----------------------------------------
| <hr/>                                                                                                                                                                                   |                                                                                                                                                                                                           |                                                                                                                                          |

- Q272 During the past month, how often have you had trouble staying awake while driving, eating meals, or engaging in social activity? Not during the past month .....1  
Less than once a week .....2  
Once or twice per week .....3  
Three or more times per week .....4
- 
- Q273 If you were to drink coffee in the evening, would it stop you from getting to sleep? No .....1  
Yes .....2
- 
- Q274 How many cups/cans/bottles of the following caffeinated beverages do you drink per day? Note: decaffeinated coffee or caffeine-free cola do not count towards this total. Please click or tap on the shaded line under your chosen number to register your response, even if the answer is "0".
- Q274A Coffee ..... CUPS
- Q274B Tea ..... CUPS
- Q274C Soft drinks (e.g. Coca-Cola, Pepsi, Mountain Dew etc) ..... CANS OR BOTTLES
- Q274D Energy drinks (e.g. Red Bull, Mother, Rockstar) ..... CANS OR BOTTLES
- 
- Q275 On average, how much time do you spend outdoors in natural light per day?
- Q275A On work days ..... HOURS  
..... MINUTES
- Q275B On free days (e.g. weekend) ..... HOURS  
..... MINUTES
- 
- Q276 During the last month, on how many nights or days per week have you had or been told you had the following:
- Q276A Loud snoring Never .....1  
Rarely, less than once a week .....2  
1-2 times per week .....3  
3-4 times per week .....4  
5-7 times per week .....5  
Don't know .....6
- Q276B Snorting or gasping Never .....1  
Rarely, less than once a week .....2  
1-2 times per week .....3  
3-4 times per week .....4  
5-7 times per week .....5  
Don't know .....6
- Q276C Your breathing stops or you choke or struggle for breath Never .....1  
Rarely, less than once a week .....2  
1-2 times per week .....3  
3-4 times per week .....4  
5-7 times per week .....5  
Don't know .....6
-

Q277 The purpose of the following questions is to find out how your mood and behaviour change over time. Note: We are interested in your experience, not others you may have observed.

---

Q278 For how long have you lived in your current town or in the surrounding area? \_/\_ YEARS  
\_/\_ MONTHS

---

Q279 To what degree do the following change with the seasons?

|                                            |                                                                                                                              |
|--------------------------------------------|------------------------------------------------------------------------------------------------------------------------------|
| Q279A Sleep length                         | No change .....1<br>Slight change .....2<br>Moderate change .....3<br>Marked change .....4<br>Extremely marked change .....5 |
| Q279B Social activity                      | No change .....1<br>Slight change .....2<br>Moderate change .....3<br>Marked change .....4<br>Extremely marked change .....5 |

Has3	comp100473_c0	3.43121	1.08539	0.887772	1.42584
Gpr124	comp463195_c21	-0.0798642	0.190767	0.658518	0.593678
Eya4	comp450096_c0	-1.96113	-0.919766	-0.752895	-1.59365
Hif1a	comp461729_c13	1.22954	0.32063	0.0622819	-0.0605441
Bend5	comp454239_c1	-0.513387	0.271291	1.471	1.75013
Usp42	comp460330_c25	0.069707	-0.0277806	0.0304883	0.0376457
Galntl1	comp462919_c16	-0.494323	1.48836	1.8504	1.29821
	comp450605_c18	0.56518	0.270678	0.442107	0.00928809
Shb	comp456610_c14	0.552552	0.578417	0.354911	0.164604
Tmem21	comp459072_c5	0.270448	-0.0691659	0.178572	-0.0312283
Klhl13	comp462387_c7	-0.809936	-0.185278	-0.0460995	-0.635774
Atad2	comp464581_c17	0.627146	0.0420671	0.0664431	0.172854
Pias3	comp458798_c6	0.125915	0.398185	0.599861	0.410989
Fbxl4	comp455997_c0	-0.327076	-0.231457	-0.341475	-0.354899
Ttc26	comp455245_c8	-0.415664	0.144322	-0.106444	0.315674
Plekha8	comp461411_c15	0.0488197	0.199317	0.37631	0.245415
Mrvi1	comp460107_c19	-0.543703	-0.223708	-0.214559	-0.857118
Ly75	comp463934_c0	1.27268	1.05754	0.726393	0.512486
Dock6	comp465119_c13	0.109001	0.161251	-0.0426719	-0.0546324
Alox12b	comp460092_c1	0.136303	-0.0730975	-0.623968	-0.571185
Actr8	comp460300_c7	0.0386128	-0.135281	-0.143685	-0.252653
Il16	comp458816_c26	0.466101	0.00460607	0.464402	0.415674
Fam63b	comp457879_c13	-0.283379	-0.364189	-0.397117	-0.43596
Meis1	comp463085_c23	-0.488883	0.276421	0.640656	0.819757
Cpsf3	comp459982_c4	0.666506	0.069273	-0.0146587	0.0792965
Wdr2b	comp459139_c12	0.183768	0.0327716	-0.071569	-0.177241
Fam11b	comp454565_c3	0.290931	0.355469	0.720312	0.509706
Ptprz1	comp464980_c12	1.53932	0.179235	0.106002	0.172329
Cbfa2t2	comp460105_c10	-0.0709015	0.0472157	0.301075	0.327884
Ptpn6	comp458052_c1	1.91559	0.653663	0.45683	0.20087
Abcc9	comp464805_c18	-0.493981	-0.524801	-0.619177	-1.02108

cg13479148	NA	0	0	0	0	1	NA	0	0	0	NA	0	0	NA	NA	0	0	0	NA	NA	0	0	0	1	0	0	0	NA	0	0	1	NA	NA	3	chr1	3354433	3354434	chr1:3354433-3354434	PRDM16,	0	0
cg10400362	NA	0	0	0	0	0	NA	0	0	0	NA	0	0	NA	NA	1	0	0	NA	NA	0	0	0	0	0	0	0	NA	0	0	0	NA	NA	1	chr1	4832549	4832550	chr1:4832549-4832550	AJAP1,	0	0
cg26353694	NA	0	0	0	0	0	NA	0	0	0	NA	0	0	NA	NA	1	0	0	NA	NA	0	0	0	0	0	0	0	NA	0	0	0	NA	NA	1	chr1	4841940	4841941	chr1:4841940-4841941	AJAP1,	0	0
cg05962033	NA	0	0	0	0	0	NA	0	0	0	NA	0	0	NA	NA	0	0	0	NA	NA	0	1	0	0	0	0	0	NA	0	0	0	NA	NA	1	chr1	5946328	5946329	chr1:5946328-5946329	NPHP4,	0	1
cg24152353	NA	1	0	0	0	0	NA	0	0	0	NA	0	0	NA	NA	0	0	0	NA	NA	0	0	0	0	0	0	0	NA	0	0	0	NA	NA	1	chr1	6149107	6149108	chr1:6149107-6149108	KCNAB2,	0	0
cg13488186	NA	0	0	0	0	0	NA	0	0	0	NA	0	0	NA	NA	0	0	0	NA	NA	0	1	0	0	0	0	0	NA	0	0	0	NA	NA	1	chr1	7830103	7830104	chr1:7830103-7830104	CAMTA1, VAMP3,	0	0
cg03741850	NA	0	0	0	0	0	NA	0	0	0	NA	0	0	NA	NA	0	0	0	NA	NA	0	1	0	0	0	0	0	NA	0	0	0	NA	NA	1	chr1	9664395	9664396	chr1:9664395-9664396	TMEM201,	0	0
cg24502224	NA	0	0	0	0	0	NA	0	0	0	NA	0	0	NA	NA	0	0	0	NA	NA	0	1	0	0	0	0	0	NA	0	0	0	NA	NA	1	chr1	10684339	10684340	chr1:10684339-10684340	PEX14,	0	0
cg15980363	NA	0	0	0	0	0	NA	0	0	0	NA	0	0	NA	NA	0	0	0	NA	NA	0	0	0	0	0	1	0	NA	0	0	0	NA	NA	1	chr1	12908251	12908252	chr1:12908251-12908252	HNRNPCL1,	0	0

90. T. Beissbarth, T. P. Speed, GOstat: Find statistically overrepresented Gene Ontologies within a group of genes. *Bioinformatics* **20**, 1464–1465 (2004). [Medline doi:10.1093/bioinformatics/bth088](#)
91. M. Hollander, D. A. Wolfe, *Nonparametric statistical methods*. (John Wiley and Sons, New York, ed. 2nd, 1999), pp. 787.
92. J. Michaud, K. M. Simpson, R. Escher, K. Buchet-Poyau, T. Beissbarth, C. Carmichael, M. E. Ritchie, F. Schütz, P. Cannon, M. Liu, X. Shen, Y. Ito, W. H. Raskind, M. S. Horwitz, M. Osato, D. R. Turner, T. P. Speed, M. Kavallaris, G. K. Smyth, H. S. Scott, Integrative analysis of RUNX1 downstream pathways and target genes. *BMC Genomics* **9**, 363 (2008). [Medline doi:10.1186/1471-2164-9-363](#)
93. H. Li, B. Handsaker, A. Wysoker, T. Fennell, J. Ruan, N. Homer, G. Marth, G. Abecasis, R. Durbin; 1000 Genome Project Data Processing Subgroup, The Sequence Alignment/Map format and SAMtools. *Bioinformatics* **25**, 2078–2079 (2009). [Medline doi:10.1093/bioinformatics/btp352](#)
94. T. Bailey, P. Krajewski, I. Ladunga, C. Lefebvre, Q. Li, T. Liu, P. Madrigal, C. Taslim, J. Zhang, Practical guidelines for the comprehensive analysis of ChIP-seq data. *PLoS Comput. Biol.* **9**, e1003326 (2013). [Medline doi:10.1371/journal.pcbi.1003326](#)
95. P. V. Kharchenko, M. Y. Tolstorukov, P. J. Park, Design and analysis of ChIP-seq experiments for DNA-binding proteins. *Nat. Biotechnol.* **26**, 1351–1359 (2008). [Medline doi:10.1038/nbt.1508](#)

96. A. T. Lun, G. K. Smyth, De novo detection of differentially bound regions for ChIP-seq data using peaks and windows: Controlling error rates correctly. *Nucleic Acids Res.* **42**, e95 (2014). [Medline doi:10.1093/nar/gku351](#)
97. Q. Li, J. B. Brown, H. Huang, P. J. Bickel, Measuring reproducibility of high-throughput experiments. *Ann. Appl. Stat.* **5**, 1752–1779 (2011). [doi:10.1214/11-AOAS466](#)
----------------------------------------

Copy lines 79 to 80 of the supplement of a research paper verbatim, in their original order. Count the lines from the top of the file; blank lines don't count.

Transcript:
Ptprz1	comp464980_c12	1.53932	0.179235	0.106002	0.172329
Cbfa2t2	comp460105_c10	-0.0709015	0.0472157	0.301075	0.327884